RR v Richard Szwajkun after 21 f4

3rr1k1/2q3pp/1p1p2b1/p1p1np2/P1P1PP2/BQP5/3RB1PP/3R2K1 b
Fortunately Richard was nervous of playing Ng4, fearing the removal of his good steed, though the sequence
21 ... Ng4, 22 Bxg4 fxg4, 23 f5 results in a very passive position for white. Instead we had

21 ... Nc6 and with a faint premonition of possible disaster for black

22 exf5 Bxf5, 23 Bc1 Re6, 24 Rde8 Another premonition proved accurate ...

24 ... Bd5 ... and another exchange to add to my early season collection!

Another dozen moves were played, but here was no way back for black. 1-0 to our hero.
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Sat 15th: Patience
"Patience is a virtue" is a saying that applies to chess as much as in real life. Indeed probably more games are lost through a misplaced desire to do something than through any other cause. Round 2 at Crewe saw RR playing black against Roger Greatorex in an English four knights, an opening with plenty of options for both sides, equating to plenty of opportunities to play moves which whilst not blunders, result in the dissipation of any acquired positional advantage.

1 c4 e5, 2 Nc3 Nf6, 3 Nf3 Nc6, 4 e3 Be7, 5 d4 exd4
6 exd4 d5, 7 cxd5 Nxd5

Roger Greatorex v RR after 7 ... Nxd5

All immensely natural, but not forced. Black has the isolated queen pawn to target, but has less freedom of movement of pieces because of the power said pawn has over c5 and particularly e5.

8 Bc4 Nb6, 9 Bd3 No doubt there are cavemen who swear by Bxf7+ at this point, but they should be destined to be swearing at such choice of move by the end of the resulting game.

9 ... O-O, 10 O-O Nb4 looking to establish a blockader on d5, a standard counter to the isolated d-pawn, though taking action directed at the pawn itself with Bf6 is probably preferable.

11 Be4 c6, 12 Ne5 N4d5, 13 f4 More support for the knight, or the start of a kingside attack? Time will tell.

13 ... Nf6, 14 Bf3 Be6 diagram right.

Roger Greatorex v RR after 14 ... Be6

One of the big battles in chess is to get a position in which you feel comfortable and the opponent doesn't even if an objective assessment is of an equal (or nearly so) position. I don't know how Roger felt here, but RR was content. Black can happily place pieces on d5 knowing that every exchange of pieces leaves white's IQP more exposed. Meanwhile other pieceplay is not greatly constrained. OK, there is no immediate threat to do mischief to white, but in return what is he up to?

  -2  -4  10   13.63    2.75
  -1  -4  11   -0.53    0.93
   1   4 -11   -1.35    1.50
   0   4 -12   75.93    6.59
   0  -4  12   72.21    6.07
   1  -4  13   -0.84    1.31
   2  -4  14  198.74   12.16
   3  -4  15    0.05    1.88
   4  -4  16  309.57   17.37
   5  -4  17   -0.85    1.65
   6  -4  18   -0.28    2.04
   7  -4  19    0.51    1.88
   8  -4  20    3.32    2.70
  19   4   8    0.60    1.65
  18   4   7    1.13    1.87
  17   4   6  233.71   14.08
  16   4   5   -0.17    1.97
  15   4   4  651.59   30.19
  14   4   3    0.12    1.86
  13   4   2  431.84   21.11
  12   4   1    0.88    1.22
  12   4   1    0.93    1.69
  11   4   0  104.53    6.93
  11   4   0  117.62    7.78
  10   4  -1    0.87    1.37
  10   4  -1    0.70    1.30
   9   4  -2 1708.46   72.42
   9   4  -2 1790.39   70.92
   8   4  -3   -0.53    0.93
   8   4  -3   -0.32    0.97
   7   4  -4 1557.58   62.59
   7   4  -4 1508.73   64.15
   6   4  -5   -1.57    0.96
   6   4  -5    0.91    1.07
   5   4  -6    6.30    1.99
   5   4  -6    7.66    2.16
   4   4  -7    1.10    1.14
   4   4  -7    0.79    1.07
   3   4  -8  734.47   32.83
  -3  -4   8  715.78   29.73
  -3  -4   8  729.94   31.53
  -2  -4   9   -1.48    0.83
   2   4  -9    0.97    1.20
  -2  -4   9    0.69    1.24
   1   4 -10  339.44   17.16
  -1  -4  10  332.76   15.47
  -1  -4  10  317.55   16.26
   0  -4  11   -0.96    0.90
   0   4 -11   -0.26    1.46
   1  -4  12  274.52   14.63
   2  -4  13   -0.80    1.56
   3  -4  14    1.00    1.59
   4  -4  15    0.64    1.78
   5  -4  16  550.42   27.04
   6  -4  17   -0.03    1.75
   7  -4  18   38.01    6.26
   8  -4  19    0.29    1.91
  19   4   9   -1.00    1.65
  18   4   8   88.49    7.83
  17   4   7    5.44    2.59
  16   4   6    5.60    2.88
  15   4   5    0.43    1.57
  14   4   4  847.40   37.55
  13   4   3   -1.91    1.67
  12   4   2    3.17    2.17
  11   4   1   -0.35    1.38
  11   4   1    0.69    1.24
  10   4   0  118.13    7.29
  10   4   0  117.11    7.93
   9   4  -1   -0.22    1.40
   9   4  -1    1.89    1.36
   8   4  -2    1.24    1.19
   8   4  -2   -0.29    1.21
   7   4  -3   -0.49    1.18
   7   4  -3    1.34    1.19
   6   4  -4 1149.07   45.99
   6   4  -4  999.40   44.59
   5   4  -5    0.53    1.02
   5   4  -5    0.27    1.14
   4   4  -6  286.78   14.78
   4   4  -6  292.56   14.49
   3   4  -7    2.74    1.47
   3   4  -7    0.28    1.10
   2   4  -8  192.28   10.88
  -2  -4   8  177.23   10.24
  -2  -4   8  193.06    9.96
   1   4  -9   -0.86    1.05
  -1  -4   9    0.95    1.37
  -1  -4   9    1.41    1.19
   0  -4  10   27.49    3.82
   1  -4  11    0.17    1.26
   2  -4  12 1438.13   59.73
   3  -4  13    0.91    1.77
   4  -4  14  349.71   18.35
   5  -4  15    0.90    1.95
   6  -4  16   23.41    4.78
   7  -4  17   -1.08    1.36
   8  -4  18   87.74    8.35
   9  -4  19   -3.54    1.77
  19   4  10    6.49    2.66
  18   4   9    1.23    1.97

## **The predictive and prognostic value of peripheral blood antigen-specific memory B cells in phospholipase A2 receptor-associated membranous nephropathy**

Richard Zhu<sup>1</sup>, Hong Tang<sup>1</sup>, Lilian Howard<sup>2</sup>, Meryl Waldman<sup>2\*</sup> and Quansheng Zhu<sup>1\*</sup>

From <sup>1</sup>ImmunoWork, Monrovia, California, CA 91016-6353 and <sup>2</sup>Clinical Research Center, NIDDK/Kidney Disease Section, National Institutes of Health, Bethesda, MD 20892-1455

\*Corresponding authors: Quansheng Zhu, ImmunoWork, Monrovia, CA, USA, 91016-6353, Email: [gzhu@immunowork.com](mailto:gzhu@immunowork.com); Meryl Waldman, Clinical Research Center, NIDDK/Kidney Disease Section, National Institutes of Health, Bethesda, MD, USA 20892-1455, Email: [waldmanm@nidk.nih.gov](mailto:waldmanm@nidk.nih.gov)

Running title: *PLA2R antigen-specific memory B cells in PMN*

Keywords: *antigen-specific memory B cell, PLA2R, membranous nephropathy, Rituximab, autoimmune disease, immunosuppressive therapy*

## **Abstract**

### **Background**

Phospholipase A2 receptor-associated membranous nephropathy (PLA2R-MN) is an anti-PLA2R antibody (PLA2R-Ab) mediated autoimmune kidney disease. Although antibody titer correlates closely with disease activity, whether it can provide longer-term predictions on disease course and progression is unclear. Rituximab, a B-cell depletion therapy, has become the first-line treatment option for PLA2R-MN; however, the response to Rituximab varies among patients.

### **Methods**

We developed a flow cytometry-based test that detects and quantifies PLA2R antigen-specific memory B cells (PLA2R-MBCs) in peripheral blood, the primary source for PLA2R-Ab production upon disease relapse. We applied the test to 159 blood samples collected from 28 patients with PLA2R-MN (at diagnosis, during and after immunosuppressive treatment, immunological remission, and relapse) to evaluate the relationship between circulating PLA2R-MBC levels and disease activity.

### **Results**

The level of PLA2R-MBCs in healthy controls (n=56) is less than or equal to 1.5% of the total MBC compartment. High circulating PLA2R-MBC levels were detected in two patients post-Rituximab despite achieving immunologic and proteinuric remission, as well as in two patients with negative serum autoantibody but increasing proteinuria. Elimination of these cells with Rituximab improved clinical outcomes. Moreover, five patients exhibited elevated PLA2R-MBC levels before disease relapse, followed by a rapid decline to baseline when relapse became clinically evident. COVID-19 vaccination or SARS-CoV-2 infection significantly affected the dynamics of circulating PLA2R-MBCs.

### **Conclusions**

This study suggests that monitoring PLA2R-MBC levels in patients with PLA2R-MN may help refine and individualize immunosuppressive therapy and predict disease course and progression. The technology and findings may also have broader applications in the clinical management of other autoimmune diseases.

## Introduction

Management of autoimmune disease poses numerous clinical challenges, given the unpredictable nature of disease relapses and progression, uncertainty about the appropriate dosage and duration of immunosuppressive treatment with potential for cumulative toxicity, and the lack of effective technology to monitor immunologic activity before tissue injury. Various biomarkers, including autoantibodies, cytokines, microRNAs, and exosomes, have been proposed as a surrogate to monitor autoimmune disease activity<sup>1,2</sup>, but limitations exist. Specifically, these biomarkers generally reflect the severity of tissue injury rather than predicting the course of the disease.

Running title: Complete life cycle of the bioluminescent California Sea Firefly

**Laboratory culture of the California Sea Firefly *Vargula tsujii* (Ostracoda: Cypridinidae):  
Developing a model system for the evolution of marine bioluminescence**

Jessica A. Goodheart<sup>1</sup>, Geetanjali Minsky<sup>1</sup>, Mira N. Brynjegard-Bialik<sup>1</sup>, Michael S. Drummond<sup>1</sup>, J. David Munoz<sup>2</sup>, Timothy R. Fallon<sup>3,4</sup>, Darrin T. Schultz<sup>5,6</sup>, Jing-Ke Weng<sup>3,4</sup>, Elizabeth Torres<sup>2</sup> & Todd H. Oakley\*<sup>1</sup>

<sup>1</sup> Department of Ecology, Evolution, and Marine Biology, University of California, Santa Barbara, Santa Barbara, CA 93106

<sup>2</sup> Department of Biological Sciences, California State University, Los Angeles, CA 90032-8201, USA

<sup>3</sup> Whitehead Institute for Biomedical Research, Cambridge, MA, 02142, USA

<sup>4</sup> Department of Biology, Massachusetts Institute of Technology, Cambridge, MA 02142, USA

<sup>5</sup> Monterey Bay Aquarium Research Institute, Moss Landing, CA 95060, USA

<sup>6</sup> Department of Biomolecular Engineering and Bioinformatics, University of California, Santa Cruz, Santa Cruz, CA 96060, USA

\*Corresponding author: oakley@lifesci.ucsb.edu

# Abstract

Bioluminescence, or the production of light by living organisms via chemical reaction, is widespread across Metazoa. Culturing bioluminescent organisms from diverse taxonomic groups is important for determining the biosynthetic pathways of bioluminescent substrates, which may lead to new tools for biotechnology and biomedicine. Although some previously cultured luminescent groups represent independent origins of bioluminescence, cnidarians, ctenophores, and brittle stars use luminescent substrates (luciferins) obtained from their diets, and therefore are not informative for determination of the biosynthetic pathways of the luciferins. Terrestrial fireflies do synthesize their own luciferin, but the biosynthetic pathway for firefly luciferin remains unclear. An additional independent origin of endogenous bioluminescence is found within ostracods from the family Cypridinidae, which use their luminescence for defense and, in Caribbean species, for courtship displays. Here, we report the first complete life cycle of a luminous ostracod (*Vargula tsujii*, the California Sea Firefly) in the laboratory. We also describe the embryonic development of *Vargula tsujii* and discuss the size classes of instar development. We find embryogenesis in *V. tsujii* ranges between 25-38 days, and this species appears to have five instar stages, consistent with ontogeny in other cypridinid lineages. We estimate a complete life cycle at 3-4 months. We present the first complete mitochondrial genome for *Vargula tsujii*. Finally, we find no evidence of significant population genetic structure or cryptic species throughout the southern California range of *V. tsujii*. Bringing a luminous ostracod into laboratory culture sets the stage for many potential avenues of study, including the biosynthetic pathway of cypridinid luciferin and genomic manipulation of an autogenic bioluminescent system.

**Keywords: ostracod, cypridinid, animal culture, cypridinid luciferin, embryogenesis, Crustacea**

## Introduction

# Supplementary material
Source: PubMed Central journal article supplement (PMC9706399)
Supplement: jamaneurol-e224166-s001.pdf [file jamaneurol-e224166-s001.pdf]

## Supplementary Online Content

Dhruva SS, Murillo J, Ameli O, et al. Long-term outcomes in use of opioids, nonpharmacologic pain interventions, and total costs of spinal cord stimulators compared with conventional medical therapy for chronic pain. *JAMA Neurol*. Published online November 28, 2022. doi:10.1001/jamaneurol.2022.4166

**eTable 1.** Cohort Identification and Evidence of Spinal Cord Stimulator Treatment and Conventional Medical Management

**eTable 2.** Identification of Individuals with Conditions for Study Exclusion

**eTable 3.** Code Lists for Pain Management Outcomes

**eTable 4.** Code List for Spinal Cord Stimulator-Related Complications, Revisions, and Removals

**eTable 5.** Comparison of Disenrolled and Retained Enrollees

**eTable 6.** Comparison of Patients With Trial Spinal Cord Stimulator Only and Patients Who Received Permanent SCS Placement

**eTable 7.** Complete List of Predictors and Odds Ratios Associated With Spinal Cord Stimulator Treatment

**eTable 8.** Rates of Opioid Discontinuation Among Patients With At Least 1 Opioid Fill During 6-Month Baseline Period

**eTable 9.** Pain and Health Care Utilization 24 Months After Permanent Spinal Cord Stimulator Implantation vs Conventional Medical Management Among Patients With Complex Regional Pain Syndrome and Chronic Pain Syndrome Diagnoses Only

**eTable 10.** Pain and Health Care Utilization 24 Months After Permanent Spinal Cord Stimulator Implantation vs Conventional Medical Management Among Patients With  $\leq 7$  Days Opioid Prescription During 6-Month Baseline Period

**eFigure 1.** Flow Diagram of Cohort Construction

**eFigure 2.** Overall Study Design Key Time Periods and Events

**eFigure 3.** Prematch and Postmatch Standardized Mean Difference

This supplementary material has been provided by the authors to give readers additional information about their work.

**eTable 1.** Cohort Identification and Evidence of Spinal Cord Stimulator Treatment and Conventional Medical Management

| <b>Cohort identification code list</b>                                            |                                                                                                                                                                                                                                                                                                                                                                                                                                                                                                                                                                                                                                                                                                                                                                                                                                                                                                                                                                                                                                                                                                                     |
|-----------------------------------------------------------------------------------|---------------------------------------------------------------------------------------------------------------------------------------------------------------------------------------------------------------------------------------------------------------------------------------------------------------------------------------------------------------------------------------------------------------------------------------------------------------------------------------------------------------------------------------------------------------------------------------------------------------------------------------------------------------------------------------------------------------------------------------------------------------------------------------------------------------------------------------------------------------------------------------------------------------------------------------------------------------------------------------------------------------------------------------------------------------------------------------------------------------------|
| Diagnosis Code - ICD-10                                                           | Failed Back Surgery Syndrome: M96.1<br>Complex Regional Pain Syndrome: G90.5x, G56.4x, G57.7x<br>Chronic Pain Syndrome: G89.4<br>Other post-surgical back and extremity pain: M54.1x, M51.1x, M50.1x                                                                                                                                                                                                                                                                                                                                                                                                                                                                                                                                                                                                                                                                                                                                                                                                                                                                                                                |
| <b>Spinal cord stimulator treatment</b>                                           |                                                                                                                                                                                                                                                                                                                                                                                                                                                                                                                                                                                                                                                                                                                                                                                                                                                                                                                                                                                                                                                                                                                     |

15 g4 He's up to a kingside attack.

15 ... Bd5, 16 Nxd5 Nfxd5, 17 Bxd5 Qxd5 The first exchange was expected, the second not. Surely 17 g5 was more in tune with the kingside attack idea. It begins to look like g4 was a simple lashing out, a loss of patience with no conviction behind it. Now black's queen takes up a dominant position, freeing d8 for a rook to exert more pressure against the IQP.

18 Be3 Rad8, 19 Qc2 f6, 20 Nf3 Bd6, 21 b3 Rde8 RR now turns his attention to taking over the e-file. Nought wrong with such a plan, though Qe6 forking bishop and g-pawn provides more rapid gratification.

22 Rae1 Re6 preparing a doubling of rooks. Much stronger is Bb4, provided black sees that after Re2 he should seek to take advantage of the pinned bishop by placing the queen on the e-file, as the rook is now only defended once. Another missed opportunity, but RR still has the initiative.

Roger Greatorex v RR after 22 ... Re6

23 Bd2 Qd3 would have maintained material equality (as would Qf2 and one or two other moves), at the expense of allowing RR to increase pressure down the e-file.

23 Rxe1 White has a choice of recaptures: with the rook loses the knight, with the bishop loses the f-pawn, and with the knight loses the d-pawn. And the choice was ...

24 Nxe1 Qxd4+, 25 Kg2 Nd5, 26 Qd3 Qxd3 Typical RR. Keeping the queens on is stronger since the white position is much looser than black's, but heading for a won endgame is one of RR's favourite pastimes. Now to make sure he wins it.

27 Nxd3 Re8, 28 Kf3 Kf7, 29 h3 a5, 30 Rc1 Ra8, 31 Nc5 Bxc5
32 Rxc5 a4, 33 b4 Nc7, 34 Rc4 Nb5, 35 h4 Rd8, 36 Ke3 f5
37 gxf5 Rd7, 38 Re4 Nd6 0-1 as white is destined to lose the exchange.
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Sat 15th: Hanging on